In gym class we usually end up playing volleyball or soccer. I’m awful at volleyball, as I am at all sports. Usually after a few minutes one of the little kids will tug on my hand and drag me to the way back corner of the court where I can do the least damage (“Meees, you stand here”). Being older and taller than these kids has no advantage in volleyball, because you still have to actually make contact with the ball and get it to go in the direction you want. And despite my advanced age, I still scream and run away whenever the ball comes near me. I am a volleyball team’s worst nightmare.
I’ve found that soccer however, is a different story, because I’m tall enough to be faster than most nine year olds, and definitely weigh more, so in order to get the ball I just charge at it and the kids who’ve learned that I will knock them over now just take a step back. It’s really ridiculous how hard I’m playing, but the fact is, me at 30 trying as hard as I can….I’m about as good as any 9 year old out there….and maybe not as good as some of the 12 year olds…but I keep up… I’m a little embarrassed to admit that I’m literally tackling these kids and knocking them down because I am trying to live the athletic youth I never got to have…and the kids, they confuse my mania with skill, and they pick me first for their teams (and/or possibly to avoid being slide tackled by letting me be on the opposing side?). ….So I don’t mean to brag but, frankly, I’m basically the best player on this soccer team of 9 year olds.
It’s a little like that scene out of Dumb and Dumber where the girl playfully throws a snowball at Jeff Daniels, and then he basically slams one in her face. I’m like way to serious about it. It would be so cool to be a real athlete.
Adrian comes to class today with his nose bleeding and informs me that some 10 year old beat him up. Adrian’s an adorable 8 year old with a major case of ADHD… if some kid beat him up, he probably deserved it, but it still makes me mad.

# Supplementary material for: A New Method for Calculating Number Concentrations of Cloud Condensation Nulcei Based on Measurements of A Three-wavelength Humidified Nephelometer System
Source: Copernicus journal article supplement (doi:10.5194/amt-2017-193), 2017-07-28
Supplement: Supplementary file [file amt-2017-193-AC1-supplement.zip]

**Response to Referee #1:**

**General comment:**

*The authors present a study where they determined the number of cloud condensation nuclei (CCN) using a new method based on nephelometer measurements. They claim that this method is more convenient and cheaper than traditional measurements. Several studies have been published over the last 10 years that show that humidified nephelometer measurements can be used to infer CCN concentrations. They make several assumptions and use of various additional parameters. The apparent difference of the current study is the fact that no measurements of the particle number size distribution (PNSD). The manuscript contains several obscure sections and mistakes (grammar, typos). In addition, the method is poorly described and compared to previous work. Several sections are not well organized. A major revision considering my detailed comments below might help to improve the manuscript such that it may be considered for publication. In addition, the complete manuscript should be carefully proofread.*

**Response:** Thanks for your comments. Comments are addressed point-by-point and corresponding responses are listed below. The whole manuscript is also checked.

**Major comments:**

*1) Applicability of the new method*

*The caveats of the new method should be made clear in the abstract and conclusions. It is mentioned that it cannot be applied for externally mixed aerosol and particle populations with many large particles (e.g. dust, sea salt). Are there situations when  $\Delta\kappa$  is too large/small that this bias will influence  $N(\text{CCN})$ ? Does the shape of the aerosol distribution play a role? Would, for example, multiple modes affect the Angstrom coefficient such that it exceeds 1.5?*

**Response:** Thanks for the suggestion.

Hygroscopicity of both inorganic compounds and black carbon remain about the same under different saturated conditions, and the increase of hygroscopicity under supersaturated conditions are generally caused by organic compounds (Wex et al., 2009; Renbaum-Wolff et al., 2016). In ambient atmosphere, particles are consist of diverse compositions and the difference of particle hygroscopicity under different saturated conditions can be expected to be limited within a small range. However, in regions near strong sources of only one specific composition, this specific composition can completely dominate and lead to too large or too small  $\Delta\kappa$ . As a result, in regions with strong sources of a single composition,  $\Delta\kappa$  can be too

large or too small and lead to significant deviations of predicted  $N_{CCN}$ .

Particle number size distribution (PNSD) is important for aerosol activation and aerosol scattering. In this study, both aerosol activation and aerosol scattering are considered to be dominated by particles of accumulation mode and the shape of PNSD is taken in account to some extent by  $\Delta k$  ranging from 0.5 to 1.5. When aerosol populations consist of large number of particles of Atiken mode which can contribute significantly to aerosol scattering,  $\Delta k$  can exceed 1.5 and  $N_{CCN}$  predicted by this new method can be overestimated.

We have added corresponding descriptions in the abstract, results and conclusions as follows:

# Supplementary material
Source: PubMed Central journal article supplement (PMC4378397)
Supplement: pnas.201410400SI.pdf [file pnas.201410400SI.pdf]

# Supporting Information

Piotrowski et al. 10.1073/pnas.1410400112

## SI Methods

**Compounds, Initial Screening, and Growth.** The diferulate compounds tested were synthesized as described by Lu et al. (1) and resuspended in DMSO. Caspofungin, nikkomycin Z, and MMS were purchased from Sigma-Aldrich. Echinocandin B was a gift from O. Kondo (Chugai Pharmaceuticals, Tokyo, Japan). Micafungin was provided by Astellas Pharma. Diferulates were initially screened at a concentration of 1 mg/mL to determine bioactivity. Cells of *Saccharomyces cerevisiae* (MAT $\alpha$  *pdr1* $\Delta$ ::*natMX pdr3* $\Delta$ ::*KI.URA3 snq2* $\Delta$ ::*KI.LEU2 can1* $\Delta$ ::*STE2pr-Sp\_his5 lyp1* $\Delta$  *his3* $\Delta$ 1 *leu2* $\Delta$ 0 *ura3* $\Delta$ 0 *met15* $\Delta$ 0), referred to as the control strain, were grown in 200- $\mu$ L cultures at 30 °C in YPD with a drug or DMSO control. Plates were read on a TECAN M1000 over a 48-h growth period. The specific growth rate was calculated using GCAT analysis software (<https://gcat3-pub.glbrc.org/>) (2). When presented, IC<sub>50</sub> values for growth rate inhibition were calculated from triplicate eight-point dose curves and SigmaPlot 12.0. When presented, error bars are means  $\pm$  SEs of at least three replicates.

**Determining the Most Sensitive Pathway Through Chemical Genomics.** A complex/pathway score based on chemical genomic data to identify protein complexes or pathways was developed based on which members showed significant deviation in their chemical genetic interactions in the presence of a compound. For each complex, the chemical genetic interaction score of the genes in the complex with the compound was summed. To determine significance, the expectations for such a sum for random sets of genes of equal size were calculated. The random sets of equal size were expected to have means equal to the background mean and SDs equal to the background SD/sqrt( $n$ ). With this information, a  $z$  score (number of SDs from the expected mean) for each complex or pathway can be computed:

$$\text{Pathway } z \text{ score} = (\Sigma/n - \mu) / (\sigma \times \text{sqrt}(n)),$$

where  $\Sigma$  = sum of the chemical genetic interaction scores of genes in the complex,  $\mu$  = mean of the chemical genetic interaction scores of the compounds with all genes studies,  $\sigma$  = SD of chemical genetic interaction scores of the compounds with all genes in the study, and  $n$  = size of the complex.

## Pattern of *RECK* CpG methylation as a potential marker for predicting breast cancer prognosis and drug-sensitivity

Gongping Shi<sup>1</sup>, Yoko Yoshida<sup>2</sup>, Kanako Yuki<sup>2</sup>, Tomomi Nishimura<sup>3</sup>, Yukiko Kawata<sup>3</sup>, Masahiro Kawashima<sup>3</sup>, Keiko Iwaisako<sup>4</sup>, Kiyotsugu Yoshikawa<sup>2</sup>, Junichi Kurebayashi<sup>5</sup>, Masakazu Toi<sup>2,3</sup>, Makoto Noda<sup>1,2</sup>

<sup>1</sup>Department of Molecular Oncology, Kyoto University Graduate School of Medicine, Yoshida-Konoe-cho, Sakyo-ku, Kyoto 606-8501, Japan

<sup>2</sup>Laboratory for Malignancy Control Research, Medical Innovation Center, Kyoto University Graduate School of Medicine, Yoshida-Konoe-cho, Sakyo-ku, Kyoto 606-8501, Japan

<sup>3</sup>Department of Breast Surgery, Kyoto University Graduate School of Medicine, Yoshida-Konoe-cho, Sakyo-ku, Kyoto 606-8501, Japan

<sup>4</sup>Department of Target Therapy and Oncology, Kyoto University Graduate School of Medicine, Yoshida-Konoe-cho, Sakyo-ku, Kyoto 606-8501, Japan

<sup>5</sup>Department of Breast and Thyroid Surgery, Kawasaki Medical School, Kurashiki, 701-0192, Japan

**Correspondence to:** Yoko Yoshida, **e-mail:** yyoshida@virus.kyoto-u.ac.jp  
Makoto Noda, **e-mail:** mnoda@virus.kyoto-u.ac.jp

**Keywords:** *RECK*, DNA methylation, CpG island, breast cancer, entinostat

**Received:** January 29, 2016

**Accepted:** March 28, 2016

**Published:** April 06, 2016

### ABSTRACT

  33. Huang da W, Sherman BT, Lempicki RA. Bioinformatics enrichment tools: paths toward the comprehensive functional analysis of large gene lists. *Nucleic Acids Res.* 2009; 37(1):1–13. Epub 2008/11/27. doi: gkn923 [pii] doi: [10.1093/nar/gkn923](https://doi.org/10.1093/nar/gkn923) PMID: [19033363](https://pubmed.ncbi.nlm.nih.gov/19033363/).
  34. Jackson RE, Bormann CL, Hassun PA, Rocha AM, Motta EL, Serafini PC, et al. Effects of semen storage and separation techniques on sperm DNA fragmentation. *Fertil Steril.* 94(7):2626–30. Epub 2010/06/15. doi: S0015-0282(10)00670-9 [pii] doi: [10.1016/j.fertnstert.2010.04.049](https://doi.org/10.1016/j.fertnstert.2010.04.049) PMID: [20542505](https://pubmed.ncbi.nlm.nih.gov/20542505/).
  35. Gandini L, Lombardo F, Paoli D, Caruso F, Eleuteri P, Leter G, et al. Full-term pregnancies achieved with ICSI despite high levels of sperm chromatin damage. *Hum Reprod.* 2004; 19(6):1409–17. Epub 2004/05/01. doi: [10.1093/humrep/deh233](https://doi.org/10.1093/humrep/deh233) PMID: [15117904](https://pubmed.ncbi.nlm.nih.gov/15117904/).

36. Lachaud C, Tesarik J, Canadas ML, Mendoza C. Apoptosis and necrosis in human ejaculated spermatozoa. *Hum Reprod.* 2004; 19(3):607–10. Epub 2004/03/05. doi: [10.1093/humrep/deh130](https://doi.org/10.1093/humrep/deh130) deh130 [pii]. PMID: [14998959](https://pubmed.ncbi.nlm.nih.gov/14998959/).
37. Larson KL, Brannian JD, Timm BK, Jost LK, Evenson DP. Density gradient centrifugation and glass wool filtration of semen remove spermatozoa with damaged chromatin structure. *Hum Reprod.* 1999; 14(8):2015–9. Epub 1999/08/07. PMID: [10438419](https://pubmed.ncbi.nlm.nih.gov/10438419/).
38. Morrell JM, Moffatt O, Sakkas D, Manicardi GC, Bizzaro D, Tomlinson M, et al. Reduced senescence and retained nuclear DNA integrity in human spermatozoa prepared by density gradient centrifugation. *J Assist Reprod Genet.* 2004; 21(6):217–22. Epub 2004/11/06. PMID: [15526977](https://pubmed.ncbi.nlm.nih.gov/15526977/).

– Where is this kid? What happened?
– He’s gone. It’s no big deal.
– Yes it is. Why did he do this to you?
– I owed him money.
– Yeah, I owed him money.
– Money? What the hell do you owe someone money for? You’re eight! Did you go to some kinda 10 year old loan shark to get candy money, or what?
– It was money for lunch. For my brother. He was hungry
I pull him in to give him a hug so he can’t see that I’m crying.
One of the other volunteers here is this six foot tall model. She’s been a good buddy of mine since I arrived, but the contrast between the two of us walking down the street is always amusing. Today in art class one little girl looks back and forth between the two of us, “You are beautiful, and you are precious,” she says. Guess who got which adjective. Precious? Really now!
Same art class. We are making geisha style paper fans with dragons on them. Darwin asks: “What color are the dragons in America?” Dear lord, could you be cuter?
– In America, we call them “Republicans.” Can you say that? Re-pub-li-cans.
– That sounds scary.
– Oh they are.